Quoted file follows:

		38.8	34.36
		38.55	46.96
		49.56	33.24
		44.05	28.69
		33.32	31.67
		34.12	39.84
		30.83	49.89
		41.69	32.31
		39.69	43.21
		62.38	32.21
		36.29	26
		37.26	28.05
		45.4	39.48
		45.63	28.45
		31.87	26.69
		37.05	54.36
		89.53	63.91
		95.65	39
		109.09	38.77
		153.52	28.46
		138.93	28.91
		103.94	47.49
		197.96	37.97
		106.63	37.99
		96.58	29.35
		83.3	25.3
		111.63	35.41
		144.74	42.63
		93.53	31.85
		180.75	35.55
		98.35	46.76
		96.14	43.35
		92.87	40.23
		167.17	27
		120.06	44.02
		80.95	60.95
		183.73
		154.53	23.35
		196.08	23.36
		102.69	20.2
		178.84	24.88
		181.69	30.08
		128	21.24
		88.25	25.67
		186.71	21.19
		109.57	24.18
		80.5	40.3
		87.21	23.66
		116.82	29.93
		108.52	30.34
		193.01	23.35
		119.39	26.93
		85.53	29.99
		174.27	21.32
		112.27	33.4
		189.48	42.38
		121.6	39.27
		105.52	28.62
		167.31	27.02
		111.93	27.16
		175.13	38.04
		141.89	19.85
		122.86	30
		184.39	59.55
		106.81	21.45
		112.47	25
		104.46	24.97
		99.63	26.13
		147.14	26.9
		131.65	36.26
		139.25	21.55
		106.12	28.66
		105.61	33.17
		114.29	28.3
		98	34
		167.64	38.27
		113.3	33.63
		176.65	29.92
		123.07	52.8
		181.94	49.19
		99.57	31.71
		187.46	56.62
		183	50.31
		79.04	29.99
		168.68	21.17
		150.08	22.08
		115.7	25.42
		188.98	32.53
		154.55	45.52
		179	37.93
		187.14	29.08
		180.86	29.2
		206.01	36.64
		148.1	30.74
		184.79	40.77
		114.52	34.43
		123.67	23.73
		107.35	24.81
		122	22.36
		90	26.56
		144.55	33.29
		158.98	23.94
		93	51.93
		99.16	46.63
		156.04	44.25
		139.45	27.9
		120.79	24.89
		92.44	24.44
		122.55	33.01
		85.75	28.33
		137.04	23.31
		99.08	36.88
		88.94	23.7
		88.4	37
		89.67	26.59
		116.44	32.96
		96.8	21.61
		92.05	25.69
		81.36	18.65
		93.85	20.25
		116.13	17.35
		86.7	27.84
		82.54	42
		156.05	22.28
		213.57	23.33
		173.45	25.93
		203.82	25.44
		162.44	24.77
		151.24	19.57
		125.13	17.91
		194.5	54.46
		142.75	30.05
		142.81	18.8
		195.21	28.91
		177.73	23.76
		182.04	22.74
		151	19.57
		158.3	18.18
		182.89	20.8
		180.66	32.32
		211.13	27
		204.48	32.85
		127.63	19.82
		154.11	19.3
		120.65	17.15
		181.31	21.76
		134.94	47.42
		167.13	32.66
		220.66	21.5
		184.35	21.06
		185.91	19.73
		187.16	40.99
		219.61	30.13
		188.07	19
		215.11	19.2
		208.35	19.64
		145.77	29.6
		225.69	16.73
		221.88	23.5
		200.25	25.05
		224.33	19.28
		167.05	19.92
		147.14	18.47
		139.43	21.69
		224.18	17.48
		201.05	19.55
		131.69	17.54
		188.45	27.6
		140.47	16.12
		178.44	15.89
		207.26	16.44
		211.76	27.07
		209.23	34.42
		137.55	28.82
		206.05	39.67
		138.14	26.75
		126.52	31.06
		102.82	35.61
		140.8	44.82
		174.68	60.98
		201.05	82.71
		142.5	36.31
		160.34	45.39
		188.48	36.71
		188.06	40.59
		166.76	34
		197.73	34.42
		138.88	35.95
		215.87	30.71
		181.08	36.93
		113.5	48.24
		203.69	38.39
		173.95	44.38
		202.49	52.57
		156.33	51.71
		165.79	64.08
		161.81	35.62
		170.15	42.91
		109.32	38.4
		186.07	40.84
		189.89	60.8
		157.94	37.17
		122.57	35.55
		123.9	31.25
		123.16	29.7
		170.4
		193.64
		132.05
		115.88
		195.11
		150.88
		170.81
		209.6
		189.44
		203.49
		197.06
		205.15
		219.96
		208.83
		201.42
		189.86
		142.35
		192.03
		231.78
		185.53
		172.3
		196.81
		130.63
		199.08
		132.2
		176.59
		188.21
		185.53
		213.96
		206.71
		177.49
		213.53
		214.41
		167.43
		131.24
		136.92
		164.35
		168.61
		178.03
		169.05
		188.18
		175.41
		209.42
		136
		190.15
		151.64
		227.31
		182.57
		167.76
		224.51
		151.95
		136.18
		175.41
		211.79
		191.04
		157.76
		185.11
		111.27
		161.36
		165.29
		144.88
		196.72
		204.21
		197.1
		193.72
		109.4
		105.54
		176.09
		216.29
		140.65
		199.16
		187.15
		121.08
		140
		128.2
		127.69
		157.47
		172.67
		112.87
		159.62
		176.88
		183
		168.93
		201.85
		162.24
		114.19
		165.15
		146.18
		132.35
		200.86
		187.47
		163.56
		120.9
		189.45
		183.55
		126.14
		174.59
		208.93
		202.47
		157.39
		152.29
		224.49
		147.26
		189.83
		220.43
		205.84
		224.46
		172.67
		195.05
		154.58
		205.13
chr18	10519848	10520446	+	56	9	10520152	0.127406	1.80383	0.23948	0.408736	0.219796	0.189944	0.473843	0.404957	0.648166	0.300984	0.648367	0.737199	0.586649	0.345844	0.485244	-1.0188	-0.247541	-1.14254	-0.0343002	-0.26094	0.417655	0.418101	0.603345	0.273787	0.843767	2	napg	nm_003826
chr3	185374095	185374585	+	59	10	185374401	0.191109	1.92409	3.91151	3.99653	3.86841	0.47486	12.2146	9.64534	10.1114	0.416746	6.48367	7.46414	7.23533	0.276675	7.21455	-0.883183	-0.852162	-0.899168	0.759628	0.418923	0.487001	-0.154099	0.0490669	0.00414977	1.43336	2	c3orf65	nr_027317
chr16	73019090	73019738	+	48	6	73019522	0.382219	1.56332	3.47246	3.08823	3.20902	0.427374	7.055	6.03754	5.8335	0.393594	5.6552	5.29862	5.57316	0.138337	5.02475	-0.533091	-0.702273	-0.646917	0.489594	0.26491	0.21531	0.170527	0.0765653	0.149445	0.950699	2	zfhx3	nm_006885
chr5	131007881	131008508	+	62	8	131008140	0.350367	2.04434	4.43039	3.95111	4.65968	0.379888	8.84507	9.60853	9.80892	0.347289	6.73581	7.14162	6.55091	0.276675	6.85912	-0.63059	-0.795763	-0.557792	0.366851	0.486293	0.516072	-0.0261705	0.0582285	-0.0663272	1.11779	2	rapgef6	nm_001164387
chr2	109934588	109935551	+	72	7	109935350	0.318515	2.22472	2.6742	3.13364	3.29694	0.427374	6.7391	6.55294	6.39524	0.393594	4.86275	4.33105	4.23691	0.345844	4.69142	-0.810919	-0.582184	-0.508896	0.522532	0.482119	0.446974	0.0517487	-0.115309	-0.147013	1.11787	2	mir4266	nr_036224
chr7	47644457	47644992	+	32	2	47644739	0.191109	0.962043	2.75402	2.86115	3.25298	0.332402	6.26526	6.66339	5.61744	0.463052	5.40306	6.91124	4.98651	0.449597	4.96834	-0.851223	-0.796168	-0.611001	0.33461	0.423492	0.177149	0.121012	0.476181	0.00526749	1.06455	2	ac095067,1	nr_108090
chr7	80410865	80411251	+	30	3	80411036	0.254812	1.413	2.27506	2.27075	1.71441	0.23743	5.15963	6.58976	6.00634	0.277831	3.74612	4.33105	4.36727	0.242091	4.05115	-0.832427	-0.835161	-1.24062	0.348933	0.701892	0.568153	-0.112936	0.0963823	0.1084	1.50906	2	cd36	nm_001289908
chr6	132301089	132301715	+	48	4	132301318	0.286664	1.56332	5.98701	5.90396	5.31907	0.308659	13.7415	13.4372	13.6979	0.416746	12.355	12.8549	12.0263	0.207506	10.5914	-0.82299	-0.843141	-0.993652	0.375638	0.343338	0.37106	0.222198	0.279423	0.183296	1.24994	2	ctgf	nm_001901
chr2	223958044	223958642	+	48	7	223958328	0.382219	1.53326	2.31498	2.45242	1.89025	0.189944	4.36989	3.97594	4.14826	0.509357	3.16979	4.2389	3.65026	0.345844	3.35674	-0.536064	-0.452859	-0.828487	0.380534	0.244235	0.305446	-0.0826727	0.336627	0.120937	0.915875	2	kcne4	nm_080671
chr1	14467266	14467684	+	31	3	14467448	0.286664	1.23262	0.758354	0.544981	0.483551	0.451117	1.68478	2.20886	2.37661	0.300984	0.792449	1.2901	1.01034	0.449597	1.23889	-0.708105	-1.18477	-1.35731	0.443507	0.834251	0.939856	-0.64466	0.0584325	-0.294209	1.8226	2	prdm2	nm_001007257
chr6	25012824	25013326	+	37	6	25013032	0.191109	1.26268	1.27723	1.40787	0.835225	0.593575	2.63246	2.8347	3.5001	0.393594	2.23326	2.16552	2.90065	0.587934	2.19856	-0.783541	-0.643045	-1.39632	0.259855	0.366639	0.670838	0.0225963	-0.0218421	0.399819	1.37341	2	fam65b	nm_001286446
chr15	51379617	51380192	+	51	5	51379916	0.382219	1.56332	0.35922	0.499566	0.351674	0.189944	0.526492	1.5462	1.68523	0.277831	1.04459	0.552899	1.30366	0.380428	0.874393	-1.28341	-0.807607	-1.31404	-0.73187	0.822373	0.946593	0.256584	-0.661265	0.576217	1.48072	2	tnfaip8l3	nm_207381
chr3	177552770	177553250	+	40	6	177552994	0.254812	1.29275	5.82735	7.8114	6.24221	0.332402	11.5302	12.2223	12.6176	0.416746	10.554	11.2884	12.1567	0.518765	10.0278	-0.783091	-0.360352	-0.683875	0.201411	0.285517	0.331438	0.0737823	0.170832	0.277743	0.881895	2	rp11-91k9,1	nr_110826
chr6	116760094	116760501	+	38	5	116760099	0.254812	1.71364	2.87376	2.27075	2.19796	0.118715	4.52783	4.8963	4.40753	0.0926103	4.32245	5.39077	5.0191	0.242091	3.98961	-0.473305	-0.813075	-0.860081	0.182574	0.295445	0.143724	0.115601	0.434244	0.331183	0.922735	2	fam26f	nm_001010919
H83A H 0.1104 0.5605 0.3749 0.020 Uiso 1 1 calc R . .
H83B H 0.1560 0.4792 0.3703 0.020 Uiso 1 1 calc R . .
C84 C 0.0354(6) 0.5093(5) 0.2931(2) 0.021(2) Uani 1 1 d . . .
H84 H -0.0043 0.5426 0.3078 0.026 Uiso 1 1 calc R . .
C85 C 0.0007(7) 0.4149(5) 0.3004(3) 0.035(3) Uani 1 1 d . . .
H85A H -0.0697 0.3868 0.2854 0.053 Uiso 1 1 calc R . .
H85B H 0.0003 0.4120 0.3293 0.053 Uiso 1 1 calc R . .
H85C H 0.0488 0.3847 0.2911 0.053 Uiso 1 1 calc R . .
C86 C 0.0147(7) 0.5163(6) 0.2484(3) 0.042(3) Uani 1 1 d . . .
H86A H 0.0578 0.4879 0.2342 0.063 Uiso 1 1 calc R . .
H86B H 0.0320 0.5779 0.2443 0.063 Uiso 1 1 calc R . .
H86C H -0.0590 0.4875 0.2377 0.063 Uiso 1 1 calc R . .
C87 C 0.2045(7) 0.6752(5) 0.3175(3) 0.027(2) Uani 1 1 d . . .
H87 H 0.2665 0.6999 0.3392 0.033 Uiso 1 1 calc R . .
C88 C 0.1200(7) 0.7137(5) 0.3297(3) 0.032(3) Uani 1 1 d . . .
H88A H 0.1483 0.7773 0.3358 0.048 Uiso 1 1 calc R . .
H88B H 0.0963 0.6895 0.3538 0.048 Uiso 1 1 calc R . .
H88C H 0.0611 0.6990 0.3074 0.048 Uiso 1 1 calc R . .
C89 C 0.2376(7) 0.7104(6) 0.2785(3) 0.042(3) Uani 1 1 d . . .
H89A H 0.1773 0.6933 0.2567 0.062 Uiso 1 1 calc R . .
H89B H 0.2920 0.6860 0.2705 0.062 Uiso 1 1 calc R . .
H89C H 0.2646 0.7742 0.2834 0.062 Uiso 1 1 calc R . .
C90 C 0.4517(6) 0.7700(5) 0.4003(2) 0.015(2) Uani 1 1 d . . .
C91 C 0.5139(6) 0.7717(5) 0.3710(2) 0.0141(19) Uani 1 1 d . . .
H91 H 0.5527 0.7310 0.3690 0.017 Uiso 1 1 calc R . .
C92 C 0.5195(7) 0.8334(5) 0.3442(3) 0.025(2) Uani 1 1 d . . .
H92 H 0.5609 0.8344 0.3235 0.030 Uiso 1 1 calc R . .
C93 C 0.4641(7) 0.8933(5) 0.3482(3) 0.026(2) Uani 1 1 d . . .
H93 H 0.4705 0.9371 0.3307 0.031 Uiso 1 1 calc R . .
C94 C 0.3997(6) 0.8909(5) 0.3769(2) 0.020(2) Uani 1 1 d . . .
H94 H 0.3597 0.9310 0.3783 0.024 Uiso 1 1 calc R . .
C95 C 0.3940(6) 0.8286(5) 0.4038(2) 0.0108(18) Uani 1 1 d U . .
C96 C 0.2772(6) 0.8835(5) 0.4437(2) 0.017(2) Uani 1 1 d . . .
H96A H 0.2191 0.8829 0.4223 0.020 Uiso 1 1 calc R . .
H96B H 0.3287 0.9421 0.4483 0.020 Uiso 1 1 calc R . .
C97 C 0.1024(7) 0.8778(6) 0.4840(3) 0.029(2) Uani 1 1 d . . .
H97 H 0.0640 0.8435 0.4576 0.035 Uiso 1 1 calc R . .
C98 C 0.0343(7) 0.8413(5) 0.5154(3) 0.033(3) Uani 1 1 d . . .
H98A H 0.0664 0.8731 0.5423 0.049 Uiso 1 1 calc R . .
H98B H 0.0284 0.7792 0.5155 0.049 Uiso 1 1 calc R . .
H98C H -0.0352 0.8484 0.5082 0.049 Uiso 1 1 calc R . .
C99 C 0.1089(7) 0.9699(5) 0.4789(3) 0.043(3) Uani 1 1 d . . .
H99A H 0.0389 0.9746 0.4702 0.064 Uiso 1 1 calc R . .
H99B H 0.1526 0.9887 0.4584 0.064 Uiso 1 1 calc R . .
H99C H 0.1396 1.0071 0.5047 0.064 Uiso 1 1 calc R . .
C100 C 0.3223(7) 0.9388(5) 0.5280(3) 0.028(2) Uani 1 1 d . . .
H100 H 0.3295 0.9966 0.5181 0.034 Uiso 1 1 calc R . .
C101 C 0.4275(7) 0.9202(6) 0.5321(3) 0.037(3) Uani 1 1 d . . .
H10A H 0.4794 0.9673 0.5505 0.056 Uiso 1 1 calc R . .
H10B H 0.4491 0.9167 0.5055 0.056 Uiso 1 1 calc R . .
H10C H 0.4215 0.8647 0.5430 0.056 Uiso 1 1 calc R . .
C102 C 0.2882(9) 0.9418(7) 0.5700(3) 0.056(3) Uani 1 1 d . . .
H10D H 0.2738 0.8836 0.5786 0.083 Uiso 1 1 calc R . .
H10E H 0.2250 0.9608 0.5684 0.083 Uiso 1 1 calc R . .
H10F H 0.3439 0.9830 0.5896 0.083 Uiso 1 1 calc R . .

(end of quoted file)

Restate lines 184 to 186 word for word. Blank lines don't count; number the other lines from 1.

		188.48	36.71
		188.06	40.59
		166.76	34